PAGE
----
It is also important to note that when I talk in the present work about an identity as being normative, I intend this term to be understood from the point of view of an agent and her normative self- conception. I do not use 'normative' in the current 'norm-critical' sense, according to which the 'normative' just refers to some allegedly dominant perspective ('the norm'), that marginalizes other less privileged viewpoints. For instance, in Veronika Koller's discussion of 'homonormativity', she defines this phenomenon 'in parallel to heteronormativity, that is, as presenting homosexuality as part of someone's "true self" and privileging certain expressions of homosexual identity over others'. But when I talk of an agent having a normative identity, there is no implied assumption that this identity is in any way 'privileged' in comparison with other identities. An agent's normative identity tells us something about her normative beliefs, but whether or not these normative beliefs are socially favoured in any way is a separate question that has nothing to do with the idea of normative identity itself.
Now, the 'ought' of a normative identity is to be understood as a moral 'ought'. It refers to norms that regulate the agent's conduct in relation to other people, and these norms are perceived by the agent as justified independently of her personal desires and preferences. Even agents who explicitly deny being moved by moral considerations may still endorse a moral 'ought' in this sense. When Hermann Göring was interviewed by the prison psychologist G. M. Gilbert in Nuremberg, the topic of morality obviously annoyed him:
What the devil do you mean, morality? — word of honor? ... Sure, you can talk about word of honor when you promise to deliver goods in business. — But when it is the question of the interests of the nation!? — Phooey! Then morality stops! ... When a state has a chance to improve its position because of the weakness of a neighbor, do you think it will stop at any squeamish consideration of keeping a promise? It is a stateman's duty to take advantage of such a situation for the good of his country!
What Göring is saying here is not that he does not care about morality but rather that his morality is related to the promotion of the interests of Germany. Being a German statesman, he ought to do whatever serves the interests of Germany — that is his normative identity, brought out by his use of the term 'duty'. What he seems to reject is a morality based on the interests of communities larger than the nation (e.g. humanity).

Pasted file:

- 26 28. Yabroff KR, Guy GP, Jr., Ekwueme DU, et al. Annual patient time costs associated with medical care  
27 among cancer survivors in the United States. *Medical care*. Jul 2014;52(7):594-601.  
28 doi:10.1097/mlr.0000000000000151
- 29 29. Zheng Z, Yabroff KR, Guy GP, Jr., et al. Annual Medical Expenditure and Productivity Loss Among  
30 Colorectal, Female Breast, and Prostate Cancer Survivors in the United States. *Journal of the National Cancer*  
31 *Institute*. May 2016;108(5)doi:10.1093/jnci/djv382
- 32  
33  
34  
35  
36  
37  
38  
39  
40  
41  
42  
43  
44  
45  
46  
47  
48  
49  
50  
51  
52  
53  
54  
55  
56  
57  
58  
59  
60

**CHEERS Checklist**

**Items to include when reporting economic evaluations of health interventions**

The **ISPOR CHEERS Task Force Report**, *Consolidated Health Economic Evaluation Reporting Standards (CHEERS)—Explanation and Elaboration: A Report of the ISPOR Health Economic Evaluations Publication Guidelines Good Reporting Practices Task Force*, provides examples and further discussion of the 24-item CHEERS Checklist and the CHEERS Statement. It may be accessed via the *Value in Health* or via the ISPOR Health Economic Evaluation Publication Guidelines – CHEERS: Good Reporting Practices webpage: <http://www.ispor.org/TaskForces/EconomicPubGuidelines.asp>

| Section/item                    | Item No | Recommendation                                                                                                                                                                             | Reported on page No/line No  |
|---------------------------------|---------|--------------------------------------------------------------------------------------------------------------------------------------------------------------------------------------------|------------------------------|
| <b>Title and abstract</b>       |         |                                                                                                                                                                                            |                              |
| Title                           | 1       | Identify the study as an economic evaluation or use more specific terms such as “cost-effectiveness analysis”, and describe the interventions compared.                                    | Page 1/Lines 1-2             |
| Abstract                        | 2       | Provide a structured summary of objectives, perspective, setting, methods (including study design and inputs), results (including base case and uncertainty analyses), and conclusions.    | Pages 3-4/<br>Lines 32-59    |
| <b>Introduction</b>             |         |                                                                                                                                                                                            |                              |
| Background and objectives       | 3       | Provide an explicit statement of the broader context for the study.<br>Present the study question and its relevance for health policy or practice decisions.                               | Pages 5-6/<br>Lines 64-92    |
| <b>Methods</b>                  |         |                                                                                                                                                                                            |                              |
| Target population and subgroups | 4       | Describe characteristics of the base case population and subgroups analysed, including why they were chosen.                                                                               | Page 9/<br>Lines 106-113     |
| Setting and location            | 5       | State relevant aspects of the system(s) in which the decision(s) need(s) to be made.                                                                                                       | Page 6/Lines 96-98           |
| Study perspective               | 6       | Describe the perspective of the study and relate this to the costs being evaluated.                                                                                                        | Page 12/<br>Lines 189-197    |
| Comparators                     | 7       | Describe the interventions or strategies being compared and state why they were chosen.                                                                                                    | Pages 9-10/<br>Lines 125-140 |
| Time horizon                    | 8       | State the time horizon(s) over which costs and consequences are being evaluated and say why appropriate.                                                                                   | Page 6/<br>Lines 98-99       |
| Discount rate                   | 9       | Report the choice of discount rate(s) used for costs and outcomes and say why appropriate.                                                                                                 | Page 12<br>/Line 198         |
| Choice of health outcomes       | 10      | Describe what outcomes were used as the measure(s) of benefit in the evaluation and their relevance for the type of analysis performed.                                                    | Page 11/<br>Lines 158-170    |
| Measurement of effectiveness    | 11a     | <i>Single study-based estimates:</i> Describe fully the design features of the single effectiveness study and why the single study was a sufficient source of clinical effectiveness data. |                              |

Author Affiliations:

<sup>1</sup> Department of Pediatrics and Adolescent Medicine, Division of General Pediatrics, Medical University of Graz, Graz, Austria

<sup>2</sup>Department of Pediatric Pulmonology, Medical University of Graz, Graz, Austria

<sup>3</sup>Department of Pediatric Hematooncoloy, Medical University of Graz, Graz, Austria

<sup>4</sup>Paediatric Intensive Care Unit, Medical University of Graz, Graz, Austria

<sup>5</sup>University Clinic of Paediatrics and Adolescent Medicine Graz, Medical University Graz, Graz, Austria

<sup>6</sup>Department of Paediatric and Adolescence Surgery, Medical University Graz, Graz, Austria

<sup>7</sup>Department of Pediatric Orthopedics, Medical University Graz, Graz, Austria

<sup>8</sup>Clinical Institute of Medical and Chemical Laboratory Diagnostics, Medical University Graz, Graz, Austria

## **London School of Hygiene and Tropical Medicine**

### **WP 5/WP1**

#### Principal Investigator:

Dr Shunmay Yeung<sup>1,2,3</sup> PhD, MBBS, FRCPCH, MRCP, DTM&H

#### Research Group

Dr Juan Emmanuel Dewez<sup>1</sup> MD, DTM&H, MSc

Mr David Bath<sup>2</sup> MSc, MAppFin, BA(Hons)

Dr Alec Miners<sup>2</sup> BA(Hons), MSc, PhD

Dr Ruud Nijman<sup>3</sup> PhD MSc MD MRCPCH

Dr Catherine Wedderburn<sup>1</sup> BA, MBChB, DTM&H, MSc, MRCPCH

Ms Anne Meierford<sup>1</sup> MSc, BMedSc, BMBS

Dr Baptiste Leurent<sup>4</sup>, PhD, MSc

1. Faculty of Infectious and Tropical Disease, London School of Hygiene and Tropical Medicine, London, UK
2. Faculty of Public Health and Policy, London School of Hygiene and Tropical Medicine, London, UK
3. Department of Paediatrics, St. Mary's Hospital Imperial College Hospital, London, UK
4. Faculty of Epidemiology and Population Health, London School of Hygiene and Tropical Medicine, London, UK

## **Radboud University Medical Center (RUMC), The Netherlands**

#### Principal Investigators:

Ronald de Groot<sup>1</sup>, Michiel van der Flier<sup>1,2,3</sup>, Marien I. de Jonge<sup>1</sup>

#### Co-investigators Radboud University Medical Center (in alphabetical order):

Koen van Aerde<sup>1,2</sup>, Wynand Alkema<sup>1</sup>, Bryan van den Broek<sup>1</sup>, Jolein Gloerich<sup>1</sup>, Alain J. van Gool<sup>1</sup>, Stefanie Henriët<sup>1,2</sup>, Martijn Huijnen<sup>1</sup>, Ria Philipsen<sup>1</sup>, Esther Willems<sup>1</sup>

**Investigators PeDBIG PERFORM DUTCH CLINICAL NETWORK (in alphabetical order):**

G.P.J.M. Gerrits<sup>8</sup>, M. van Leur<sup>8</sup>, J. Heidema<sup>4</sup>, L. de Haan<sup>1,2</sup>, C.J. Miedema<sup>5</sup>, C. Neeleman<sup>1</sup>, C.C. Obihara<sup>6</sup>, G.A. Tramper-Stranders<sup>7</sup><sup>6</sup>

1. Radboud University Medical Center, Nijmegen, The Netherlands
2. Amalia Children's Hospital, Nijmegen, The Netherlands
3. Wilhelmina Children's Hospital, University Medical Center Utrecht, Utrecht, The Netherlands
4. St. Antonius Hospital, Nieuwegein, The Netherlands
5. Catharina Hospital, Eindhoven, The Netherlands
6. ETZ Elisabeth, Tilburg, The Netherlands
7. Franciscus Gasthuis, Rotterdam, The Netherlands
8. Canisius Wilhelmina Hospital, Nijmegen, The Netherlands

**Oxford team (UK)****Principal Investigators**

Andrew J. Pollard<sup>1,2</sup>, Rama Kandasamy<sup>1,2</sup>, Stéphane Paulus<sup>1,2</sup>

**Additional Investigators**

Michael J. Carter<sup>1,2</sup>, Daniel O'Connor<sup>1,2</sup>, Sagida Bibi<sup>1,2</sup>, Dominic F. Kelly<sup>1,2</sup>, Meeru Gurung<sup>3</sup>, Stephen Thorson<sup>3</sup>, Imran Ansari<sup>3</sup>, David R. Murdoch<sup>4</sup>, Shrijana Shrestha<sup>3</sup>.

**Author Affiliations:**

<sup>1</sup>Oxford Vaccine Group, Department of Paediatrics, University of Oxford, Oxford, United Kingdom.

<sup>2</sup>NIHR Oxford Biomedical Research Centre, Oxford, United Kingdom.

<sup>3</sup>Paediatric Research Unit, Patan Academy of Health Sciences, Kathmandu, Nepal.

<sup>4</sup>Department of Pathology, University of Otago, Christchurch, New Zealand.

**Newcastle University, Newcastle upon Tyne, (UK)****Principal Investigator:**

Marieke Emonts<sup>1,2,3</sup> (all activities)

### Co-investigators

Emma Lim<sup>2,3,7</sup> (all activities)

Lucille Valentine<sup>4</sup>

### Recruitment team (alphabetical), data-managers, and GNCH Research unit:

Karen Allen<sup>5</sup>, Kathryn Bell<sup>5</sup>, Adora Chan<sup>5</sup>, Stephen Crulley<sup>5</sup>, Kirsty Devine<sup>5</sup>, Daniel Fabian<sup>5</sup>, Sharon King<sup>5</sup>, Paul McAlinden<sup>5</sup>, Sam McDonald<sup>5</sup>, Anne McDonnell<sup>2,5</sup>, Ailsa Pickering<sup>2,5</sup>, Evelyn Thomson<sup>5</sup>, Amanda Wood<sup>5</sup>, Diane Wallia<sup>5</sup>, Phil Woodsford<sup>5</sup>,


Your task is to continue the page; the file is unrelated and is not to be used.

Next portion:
To form a normative identity for oneself is often about turning something contingent into something necessary. Here I agree with Christine Korsgaard, speaking of practical identities in general: Our practical identities are, for the most part, contingent.
... [W]hether you treat them as a source of reasons and obligations is up to you. If you continue to endorse the reasons the identity presents to you, and observe the obligations it imposes on you, then it's you. ... [Y]ou can walk out even on a factually grounded identity like being a certain person's child or a certain nation's citizen, dismissing the reasons and obligations that it gives rise to, because you just don't identify yourself with that role. Then it's not a form of practical identity anymore: not a description under which you value yourself. On the flip side, you can wholeheartedly endorse even the most arbitrary form of identification, treating its reasons and obligations as inviolable laws. Making the contingent necessary is one of the tasks of human life and the ability to do it is arguably a mark of a good human being.
Having a normative identity hence ties a person's self-conception to values, to things that are important to her. As Charles Taylor has remarked, 'What I am as a self, my identity, is essentially defined by the way things have significance for me'. And in this sense, viewed as normative identity, personal identity is anything but unimportant.
NORMATIVE IDENTITY AND ETHNOCENTRISM
Adopting a particular normative identity for oneself might from an external point of view be considered as an aspect of human beings' innate desire for classifying themselves and others. The history of ethnocentrism and its malevolent offspring racism points to the dangers inherent in such pursuits. Assigning various noble qualities to one's own group while defining members of other groups in terms of inferior properties and as lacking in worth has often been used to justify slavery as well as genocide.
However, the fact that normative identities can be abused does not mean that they must be abused. Nor does it mean that we can do without them. Normative identities do not have to be ethnocentric in the problematic sense in which they ascribe moral superiority to one's own ethnic group just because it is one's own ethnic group. In another more descriptive and sociological sense, however, normative identities will necessarily be ethnocentric at least as regards their origin, since they are always formulated within some particular ethnic and cultural context. Our initial conceptions of what is good and right, bad and wrong will necessarily be influenced by the evaluative and normative perspectives of the groups of which we are members. Hence, it isinescapable that at least our initial classifications of ourselves and our actions as well as of other persons and their actions in terms of what is familiar and 'normal' or unfamiliar and 'strange' will carry the imprint of our own cultural expectations. For this reason, as the anthropologist Christer Lindberg has observed, the belief that we can do away with ethnocentrism is utterly unrealistic, since 'this would imply that we disconnect ourselves from that which organizes all our impressions, leaving us in a chaotic and incoherent world'. Equally important, however, is the observation that cultural origin and cultural influence are not the same as cultural determination. Our initial values, norms and self-conceptions are inevitably shaped by the surrounding culture, our place in that culture, the times in which we live and so on. But we are also agents, capable of creatively reinterpreting, modifying and even rejecting these initial conceptualizations in favour of others.